Mergers between such large galaxies are regarded as violent, but because of the vast distances between stars, there are essentially no stellar collisions. However, the frictional interaction of the gas between the two galaxies can cause gravitational shock waves, which are capable of forming new stars in the new elliptical galaxy.[11] By sequencing several images of different galactic collisions, one can observe the timeline of two spiral galaxies merging into a single elliptical galaxy.[12]

In the Local Group, the Milky Way and the Andromeda Galaxy are gravitationally bound, and currently approaching each other at high speed. Simulations show that the Milky Way and Andromeda are on a collision course, and are expected to collide in less than five billion years. During this collision, it is expected that the Sun and the rest of the Solar System will be ejected from its current path around the Milky Way. The remnant could be a giant elliptical galaxy.[13]

Galaxy quenching

Star formation in what are now "dead" galaxies sputtered out billions of years ago.[14]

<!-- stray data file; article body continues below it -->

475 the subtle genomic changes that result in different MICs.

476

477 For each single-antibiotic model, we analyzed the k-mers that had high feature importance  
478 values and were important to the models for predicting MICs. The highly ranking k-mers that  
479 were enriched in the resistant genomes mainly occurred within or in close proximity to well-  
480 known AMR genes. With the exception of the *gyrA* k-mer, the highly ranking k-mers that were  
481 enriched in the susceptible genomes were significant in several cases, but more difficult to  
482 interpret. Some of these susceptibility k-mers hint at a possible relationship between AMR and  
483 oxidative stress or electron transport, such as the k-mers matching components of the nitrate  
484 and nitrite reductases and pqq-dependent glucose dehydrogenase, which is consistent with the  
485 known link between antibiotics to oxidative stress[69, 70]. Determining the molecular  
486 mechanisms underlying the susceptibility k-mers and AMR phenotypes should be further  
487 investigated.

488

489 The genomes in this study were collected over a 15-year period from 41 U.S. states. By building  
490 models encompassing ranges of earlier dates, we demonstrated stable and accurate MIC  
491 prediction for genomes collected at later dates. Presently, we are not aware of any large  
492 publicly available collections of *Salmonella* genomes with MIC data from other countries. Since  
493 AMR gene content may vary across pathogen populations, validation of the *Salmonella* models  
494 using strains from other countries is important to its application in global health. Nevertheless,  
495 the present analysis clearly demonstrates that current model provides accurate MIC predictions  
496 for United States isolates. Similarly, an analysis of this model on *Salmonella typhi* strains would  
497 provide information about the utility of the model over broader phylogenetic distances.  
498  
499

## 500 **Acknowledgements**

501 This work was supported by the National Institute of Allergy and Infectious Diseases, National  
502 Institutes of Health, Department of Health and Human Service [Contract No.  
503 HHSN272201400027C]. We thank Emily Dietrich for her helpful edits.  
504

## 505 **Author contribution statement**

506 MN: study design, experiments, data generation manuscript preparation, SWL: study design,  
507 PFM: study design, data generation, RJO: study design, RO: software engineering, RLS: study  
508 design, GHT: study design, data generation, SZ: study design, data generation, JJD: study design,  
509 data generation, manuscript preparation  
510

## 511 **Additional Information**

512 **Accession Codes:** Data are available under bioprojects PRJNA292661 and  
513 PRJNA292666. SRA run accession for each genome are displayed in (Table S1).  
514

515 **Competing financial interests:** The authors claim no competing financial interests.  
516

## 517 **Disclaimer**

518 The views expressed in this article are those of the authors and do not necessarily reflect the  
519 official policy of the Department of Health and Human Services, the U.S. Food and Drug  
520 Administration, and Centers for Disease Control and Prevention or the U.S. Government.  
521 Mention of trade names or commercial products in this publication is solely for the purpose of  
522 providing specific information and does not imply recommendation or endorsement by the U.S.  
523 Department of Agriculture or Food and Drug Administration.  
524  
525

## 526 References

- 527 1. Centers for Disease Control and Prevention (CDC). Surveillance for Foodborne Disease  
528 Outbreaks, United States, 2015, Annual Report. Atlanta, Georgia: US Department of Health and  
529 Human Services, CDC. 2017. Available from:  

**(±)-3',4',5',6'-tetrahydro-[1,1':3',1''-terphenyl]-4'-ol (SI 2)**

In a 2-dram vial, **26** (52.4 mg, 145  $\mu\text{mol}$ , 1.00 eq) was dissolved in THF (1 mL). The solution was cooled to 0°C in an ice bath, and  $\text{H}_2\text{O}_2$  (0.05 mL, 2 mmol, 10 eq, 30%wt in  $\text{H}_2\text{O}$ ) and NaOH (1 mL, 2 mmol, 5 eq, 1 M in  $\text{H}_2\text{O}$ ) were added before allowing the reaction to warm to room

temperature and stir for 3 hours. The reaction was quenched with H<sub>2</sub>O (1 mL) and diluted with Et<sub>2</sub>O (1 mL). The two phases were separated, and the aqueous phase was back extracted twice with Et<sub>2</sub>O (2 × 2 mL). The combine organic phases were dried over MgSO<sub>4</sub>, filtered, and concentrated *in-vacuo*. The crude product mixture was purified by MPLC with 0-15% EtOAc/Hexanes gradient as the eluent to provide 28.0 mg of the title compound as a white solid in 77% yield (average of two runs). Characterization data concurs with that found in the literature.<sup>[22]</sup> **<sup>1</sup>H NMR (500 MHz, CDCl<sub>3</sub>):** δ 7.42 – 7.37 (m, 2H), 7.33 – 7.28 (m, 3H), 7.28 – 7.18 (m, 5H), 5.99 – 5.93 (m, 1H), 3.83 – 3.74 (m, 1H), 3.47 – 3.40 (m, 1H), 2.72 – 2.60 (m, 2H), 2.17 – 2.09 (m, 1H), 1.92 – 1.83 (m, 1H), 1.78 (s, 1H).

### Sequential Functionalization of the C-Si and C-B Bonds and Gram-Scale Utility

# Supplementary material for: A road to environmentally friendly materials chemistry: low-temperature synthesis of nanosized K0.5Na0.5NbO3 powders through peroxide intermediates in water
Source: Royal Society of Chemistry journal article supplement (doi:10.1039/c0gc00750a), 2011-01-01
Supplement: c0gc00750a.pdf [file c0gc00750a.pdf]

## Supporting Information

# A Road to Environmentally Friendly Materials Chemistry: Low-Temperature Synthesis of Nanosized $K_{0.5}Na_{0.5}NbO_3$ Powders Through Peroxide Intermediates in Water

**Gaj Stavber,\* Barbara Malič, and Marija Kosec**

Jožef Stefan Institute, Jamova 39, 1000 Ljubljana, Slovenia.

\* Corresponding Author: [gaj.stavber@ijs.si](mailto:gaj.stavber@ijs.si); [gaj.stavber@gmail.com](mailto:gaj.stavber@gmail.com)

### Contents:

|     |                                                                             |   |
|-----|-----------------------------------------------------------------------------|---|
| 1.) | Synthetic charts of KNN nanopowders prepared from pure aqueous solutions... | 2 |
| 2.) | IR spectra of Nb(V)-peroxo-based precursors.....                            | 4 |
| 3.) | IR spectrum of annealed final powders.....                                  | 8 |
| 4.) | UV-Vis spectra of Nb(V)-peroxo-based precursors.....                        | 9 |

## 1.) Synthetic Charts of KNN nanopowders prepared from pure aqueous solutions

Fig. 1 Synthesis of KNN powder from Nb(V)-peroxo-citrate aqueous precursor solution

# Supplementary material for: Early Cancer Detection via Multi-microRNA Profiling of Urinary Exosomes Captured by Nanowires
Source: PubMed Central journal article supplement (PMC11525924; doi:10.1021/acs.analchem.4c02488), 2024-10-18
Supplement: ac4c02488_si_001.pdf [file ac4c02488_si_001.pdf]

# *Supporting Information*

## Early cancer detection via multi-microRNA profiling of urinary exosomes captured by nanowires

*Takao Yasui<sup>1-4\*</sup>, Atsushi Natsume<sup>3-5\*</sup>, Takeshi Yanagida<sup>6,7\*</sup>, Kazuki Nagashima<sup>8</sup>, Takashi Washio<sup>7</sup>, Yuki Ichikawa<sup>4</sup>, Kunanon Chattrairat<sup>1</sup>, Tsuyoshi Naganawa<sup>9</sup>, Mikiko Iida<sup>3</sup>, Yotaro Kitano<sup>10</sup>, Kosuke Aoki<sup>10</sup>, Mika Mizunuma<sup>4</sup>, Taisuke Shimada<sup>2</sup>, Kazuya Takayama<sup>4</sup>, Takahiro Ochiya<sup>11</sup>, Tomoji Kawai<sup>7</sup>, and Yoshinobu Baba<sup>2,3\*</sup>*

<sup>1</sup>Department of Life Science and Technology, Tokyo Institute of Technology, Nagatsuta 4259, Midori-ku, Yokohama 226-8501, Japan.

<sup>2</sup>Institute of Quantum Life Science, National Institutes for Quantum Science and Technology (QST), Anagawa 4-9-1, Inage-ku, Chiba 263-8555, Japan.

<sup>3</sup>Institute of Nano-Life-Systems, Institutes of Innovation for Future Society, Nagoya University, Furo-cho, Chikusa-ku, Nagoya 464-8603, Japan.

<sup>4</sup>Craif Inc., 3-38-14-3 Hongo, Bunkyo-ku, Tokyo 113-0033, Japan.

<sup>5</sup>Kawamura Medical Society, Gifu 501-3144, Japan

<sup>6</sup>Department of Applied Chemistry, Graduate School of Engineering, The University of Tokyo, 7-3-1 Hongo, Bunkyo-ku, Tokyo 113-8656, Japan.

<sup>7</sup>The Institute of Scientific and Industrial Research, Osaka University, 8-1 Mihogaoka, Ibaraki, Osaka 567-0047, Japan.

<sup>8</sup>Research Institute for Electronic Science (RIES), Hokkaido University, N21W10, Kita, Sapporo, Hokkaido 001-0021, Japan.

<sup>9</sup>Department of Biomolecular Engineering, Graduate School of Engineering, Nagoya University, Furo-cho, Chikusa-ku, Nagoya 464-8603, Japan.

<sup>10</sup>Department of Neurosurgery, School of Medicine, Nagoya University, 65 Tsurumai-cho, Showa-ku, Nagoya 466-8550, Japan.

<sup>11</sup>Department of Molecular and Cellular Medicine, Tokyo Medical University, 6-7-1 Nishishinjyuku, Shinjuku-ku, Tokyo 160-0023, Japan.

One observation (see above) that must be explained by a successful theory of galaxy evolution is the existence of two different populations of galaxies on the galaxy color-magnitude diagram. Most galaxies tend to fall into two separate locations on this diagram: a "red sequence" and a "blue cloud". Red sequence galaxies are generally non-star-forming elliptical galaxies with little gas and dust, while blue cloud galaxies tend to be dusty star-forming spiral galaxies.[15][16]

As described in previous sections, galaxies tend to evolve from spiral to elliptical structure via mergers. However, the current rate of galaxy mergers does not explain how all galaxies move from the "blue cloud" to the "red sequence". It also does not explain how star formation ceases in galaxies. Theories of galaxy evolution must therefore be able to explain how star formation turns off in galaxies. This phenomenon is called galaxy "quenching".[17]